2005-09-30 Spike activity

Quick links from the past week in mind and brain news:


People who are known to be pathological liars may show differences in the white matter in the frontal lobes of the brain.

Cognitive therapy may be as effective as antidepressants as a treatment for severe depression, finds recent study.

Satirical piece proclaims Tom Cruise to lecture on the ‘The Modern Science of Mental Health’.

Brain scanners useful as lie detectors claims new study – and even good enough to “detect terrorists” claims another (dig those “fund me!” buzzwords).

Research on brain function during sleep suggest that the coherent activity of wakefullness connectivity breaks up into ‘islands’ during the night.

BrainBlog reports that UK soap Coronation Street will feature a character with dementia.

The psychology of religion

monument_sky.jpgOnline boffin club Edge has an article by psychologist Daniel Gilbert that discusses a psychological approach to understanding religious belief.

One of the difficulties with combining science and religion is that science typically deals with predictions that can be falsified by experiment (allowing theories to be created and tested) whereas the main spiritual tenants of religion tend to take the form of non-falsifiable hypotheses.

For example, many forms of the hypothesis that ‘there is a God’ cannot be falsified, as it is not clear what evidence would constitute a refutation.

This is in contrast to many other hypotheses associated with religion, such as creationism, that makes specific predictions that can be falsified – e.g. in one of its forms, that the world was created only a few thousand years ago.

Gilbert starts off his article with a commonly produced but mistaken assumption: “no one has yet produced a shred of empirical evidence for the existence of God”.

Here he mistakes ’empirical’ for ‘experimental’, as empirical evidence is that which is based on experience and observation, of which experiments are only a certain type (albeit ones that are formalised and highly valued).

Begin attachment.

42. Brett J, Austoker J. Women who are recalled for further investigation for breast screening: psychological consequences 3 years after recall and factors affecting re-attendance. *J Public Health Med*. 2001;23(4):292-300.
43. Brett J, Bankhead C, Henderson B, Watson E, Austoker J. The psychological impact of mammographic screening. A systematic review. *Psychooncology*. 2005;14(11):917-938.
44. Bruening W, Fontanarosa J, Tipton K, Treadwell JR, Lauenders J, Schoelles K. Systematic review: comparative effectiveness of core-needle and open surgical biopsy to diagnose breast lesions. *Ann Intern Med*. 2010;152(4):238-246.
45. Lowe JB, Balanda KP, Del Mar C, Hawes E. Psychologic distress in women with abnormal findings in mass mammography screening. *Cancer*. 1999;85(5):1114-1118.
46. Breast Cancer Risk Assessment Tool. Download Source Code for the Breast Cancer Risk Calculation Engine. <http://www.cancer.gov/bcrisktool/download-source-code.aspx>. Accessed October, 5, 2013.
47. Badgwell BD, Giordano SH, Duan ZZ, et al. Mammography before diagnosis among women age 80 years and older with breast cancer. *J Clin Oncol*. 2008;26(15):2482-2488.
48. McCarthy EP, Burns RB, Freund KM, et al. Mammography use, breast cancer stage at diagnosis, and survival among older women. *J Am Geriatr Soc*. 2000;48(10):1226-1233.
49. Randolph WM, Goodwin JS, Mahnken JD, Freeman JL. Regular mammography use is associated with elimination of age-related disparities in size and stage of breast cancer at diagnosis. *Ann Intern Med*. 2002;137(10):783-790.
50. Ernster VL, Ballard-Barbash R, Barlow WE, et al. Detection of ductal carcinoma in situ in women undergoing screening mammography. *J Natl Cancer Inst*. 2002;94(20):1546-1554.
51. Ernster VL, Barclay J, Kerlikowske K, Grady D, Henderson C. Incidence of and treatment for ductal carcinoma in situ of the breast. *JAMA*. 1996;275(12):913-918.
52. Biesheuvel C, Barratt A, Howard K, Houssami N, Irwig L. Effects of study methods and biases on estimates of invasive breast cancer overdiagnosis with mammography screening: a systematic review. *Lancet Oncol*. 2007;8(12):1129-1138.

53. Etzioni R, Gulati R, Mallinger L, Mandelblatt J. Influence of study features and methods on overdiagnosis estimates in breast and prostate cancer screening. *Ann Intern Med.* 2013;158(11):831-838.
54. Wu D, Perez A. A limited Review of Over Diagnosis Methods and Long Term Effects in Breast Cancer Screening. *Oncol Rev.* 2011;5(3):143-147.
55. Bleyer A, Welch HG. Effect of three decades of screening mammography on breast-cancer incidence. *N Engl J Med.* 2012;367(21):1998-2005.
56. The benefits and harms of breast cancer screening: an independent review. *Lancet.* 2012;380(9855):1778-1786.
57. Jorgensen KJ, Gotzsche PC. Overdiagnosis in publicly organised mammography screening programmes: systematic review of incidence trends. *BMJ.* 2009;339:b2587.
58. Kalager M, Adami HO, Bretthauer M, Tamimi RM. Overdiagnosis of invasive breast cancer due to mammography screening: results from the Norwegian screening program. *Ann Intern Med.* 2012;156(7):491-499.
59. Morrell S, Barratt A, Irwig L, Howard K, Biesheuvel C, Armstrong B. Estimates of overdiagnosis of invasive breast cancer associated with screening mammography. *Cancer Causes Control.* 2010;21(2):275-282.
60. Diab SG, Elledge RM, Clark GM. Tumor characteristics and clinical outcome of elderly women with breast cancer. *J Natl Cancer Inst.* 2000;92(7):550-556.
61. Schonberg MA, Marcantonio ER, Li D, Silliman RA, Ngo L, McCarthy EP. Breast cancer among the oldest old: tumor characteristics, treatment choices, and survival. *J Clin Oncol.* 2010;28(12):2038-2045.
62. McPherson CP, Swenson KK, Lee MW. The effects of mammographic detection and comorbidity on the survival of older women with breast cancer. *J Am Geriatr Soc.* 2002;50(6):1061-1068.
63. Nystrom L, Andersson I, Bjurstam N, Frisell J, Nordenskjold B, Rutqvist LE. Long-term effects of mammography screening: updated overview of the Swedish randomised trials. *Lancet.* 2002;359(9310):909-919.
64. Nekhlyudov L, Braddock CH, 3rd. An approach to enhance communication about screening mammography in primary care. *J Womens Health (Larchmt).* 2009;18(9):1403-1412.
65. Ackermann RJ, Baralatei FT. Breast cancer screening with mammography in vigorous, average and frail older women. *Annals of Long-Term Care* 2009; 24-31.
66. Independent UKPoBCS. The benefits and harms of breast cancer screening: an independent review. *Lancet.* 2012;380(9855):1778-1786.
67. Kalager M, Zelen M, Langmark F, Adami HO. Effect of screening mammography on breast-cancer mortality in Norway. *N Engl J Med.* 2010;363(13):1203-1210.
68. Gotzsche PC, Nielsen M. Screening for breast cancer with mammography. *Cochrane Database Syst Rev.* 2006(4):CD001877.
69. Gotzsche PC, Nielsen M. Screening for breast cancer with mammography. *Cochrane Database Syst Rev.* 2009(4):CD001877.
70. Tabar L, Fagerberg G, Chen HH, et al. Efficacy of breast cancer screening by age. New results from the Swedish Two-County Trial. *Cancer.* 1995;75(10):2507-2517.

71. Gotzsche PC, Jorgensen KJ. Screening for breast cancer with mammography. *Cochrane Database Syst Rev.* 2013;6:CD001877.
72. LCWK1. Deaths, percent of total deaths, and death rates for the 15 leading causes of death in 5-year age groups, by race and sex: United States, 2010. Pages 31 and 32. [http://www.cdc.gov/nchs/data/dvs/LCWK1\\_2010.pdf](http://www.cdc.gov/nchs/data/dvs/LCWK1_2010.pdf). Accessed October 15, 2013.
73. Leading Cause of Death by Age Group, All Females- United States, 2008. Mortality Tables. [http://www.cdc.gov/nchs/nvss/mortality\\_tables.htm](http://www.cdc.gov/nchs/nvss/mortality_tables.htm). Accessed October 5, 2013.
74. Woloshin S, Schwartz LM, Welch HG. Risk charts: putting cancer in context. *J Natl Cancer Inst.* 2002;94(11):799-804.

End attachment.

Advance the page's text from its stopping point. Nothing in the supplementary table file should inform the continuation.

There is certainly plenty of empirical evidence about. Many religious people will be able to provide examples of how they have personally experienced the effect or presence of ‘supernatural’ influence in their lives, or can provide examples where many people witnessed a supposed example of divine intervention.

The question is not over whether there is evidence, but whether it is valid (the phenomena was genuinely as experienced) and how it should be interpreted (whether it supports the concept of the divine, or a particular idea of ‘God’).

Link to article “The Vagaries of Religious Experience”.

Population control – for hire

tv_faces.jpgSlate reports on the rise of psychological population control, often called PsyOps, as a form of commercial service.

According to the report, a company called Strategic Communications Laboratories Ltd was advertising itself at a notable London arms fair, suggesting that it could fool the population into believing any number of things in an attempt to divert attention from a presumed ‘actual’ catastrophe or similar dangerous situation.

When the Slate reporter suggested it sounded like propoganda, a member of staff was quoted as denying the fact, saying:

“If your definition of propaganda is framing communications to do something that’s going to save lives, that’s fine,” says Mark Broughton, SCL’s public affairs director. “That’s not a word I would use for that.”

The company’s website suggests otherwise though, stating they can provide training “for up to 250 staff, including specialised (and tailored) persuasion and propaganda courses.”

Their entry in the Defence Suppliers Directory further outlines the sort of work they’re willing to undertake:

Campaigns may range from homeland security and compliance issues to humanitarian and healthcare behaviour changes. In special circumstances the company will undertake political projects, especially if the sovereignty of the country is at stake, and – very occasionally – corporate campaigns.